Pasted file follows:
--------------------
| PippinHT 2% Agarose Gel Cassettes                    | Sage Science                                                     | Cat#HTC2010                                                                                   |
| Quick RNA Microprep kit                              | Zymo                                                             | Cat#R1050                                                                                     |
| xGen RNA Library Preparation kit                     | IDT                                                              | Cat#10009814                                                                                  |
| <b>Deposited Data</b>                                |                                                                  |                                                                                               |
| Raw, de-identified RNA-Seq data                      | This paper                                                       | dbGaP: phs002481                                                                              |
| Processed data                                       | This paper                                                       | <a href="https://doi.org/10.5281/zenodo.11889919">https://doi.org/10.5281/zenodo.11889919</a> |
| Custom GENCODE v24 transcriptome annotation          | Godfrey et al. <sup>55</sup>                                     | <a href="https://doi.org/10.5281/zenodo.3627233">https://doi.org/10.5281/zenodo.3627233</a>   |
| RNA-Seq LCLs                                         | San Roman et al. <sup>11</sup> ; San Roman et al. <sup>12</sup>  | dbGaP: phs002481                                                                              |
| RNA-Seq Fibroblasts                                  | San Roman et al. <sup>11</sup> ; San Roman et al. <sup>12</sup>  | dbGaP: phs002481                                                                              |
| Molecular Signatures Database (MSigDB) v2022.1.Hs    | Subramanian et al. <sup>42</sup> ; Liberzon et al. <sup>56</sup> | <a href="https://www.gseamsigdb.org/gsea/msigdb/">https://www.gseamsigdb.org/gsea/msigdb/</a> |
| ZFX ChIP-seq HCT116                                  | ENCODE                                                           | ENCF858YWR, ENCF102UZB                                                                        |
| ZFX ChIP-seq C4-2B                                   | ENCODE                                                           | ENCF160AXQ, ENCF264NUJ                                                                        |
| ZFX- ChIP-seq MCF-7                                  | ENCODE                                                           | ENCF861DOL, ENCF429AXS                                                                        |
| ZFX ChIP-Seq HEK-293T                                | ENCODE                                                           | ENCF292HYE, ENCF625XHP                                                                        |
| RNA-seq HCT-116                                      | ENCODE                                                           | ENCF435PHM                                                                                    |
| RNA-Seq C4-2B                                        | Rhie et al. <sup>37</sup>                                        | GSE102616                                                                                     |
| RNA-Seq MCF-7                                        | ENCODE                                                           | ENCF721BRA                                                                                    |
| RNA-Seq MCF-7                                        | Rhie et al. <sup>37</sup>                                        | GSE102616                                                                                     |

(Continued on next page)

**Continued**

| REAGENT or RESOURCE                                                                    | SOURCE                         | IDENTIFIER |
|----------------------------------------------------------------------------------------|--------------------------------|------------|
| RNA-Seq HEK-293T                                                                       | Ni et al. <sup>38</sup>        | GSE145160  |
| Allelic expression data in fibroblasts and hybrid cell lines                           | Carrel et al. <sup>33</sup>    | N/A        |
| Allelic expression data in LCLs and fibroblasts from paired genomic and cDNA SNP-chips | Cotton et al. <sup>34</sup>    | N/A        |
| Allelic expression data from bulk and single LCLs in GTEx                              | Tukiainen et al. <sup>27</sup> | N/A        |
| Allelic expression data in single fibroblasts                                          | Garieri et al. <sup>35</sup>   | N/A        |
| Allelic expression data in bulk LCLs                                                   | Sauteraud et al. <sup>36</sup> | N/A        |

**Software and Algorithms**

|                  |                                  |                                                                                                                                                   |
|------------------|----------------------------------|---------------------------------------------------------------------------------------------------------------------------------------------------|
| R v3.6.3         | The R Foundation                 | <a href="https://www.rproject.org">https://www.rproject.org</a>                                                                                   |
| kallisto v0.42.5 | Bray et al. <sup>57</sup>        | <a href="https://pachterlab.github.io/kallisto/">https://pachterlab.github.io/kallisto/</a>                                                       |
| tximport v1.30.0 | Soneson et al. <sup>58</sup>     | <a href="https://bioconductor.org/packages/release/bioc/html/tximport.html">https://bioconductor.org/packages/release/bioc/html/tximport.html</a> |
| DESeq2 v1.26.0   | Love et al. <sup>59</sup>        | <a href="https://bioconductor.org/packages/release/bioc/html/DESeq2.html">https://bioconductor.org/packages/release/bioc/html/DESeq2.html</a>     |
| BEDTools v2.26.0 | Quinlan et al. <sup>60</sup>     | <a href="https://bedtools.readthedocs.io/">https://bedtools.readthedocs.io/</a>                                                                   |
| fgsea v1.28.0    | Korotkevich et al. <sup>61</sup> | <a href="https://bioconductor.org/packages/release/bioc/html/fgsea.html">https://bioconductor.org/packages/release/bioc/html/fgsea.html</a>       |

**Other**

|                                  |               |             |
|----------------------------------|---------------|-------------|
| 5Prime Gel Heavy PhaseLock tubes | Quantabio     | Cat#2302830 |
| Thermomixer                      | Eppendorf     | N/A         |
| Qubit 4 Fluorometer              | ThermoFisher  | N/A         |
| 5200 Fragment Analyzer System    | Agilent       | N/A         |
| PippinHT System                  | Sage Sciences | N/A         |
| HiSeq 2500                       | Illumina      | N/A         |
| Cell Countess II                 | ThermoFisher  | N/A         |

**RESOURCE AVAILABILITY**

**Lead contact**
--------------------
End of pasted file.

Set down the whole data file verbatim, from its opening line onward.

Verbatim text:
| PippinHT 2% Agarose Gel Cassettes                    | Sage Science                                                     | Cat#HTC2010                                                                                   |
| Quick RNA Microprep kit                              | Zymo                                                             | Cat#R1050                                                                                     |
| xGen RNA Library Preparation kit                     | IDT                                                              | Cat#10009814                                                                                  |
| <b>Deposited Data</b>                                |                                                                  |                                                                                               |
| Raw, de-identified RNA-Seq data                      | This paper                                                       | dbGaP: phs002481                                                                              |
| Processed data                                       | This paper                                                       | <a href="https://doi.org/10.5281/zenodo.11889919">https://doi.org/10.5281/zenodo.11889919</a> |
| Custom GENCODE v24 transcriptome annotation          | Godfrey et al. <sup>55</sup>                                     | <a href="https://doi.org/10.5281/zenodo.3627233">https://doi.org/10.5281/zenodo.3627233</a>   |
| RNA-Seq LCLs                                         | San Roman et al. <sup>11</sup> ; San Roman et al. <sup>12</sup>  | dbGaP: phs002481                                                                              |
| RNA-Seq Fibroblasts                                  | San Roman et al. <sup>11</sup> ; San Roman et al. <sup>12</sup>  | dbGaP: phs002481                                                                              |
| Molecular Signatures Database (MSigDB) v2022.1.Hs    | Subramanian et al. <sup>42</sup> ; Liberzon et al. <sup>56</sup> | <a href="https://www.gseamsigdb.org/gsea/msigdb/">https://www.gseamsigdb.org/gsea/msigdb/</a> |
| ZFX ChIP-seq HCT116                                  | ENCODE                                                           | ENCF858YWR, ENCF102UZB                                                                        |
| ZFX ChIP-seq C4-2B                                   | ENCODE                                                           | ENCF160AXQ, ENCF264NUJ                                                                        |
| ZFX- ChIP-seq MCF-7                                  | ENCODE                                                           | ENCF861DOL, ENCF429AXS                                                                        |
| ZFX ChIP-Seq HEK-293T                                | ENCODE                                                           | ENCF292HYE, ENCF625XHP                                                                        |
| RNA-seq HCT-116                                      | ENCODE                                                           | ENCF435PHM                                                                                    |
| RNA-Seq C4-2B                                        | Rhie et al. <sup>37</sup>                                        | GSE102616                                                                                     |
| RNA-Seq MCF-7                                        | ENCODE                                                           | ENCF721BRA                                                                                    |
| RNA-Seq MCF-7                                        | Rhie et al. <sup>37</sup>                                        | GSE102616                                                                                     |

(Continued on next page)

**Continued**

| REAGENT or RESOURCE                                                                    | SOURCE                         | IDENTIFIER |
|----------------------------------------------------------------------------------------|--------------------------------|------------|
| RNA-Seq HEK-293T                                                                       | Ni et al. <sup>38</sup>        | GSE145160  |
| Allelic expression data in fibroblasts and hybrid cell lines                           | Carrel et al. <sup>33</sup>    | N/A        |
| Allelic expression data in LCLs and fibroblasts from paired genomic and cDNA SNP-chips | Cotton et al. <sup>34</sup>    | N/A        |
| Allelic expression data from bulk and single LCLs in GTEx                              | Tukiainen et al. <sup>27</sup> | N/A        |
| Allelic expression data in single fibroblasts                                          | Garieri et al. <sup>35</sup>   | N/A        |
| Allelic expression data in bulk LCLs                                                   | Sauteraud et al. <sup>36</sup> | N/A        |

**Software and Algorithms**

|                  |                                  |                                                                                                                                                   |
|------------------|----------------------------------|---------------------------------------------------------------------------------------------------------------------------------------------------|
| R v3.6.3         | The R Foundation                 | <a href="https://www.rproject.org">https://www.rproject.org</a>                                                                                   |
| kallisto v0.42.5 | Bray et al. <sup>57</sup>        | <a href="https://pachterlab.github.io/kallisto/">https://pachterlab.github.io/kallisto/</a>                                                       |
| tximport v1.30.0 | Soneson et al. <sup>58</sup>     | <a href="https://bioconductor.org/packages/release/bioc/html/tximport.html">https://bioconductor.org/packages/release/bioc/html/tximport.html</a> |
| DESeq2 v1.26.0   | Love et al. <sup>59</sup>        | <a href="https://bioconductor.org/packages/release/bioc/html/DESeq2.html">https://bioconductor.org/packages/release/bioc/html/DESeq2.html</a>     |
| BEDTools v2.26.0 | Quinlan et al. <sup>60</sup>     | <a href="https://bedtools.readthedocs.io/">https://bedtools.readthedocs.io/</a>                                                                   |
| fgsea v1.28.0    | Korotkevich et al. <sup>61</sup> | <a href="https://bioconductor.org/packages/release/bioc/html/fgsea.html">https://bioconductor.org/packages/release/bioc/html/fgsea.html</a>       |

**Other**

|                                  |               |             |
|----------------------------------|---------------|-------------|
| 5Prime Gel Heavy PhaseLock tubes | Quantabio     | Cat#2302830 |
| Thermomixer                      | Eppendorf     | N/A         |
| Qubit 4 Fluorometer              | ThermoFisher  | N/A         |
| 5200 Fragment Analyzer System    | Agilent       | N/A         |
| PippinHT System                  | Sage Sciences | N/A         |
| HiSeq 2500                       | Illumina      | N/A         |
| Cell Countess II                 | ThermoFisher  | N/A         |

**RESOURCE AVAILABILITY**

**Lead contact**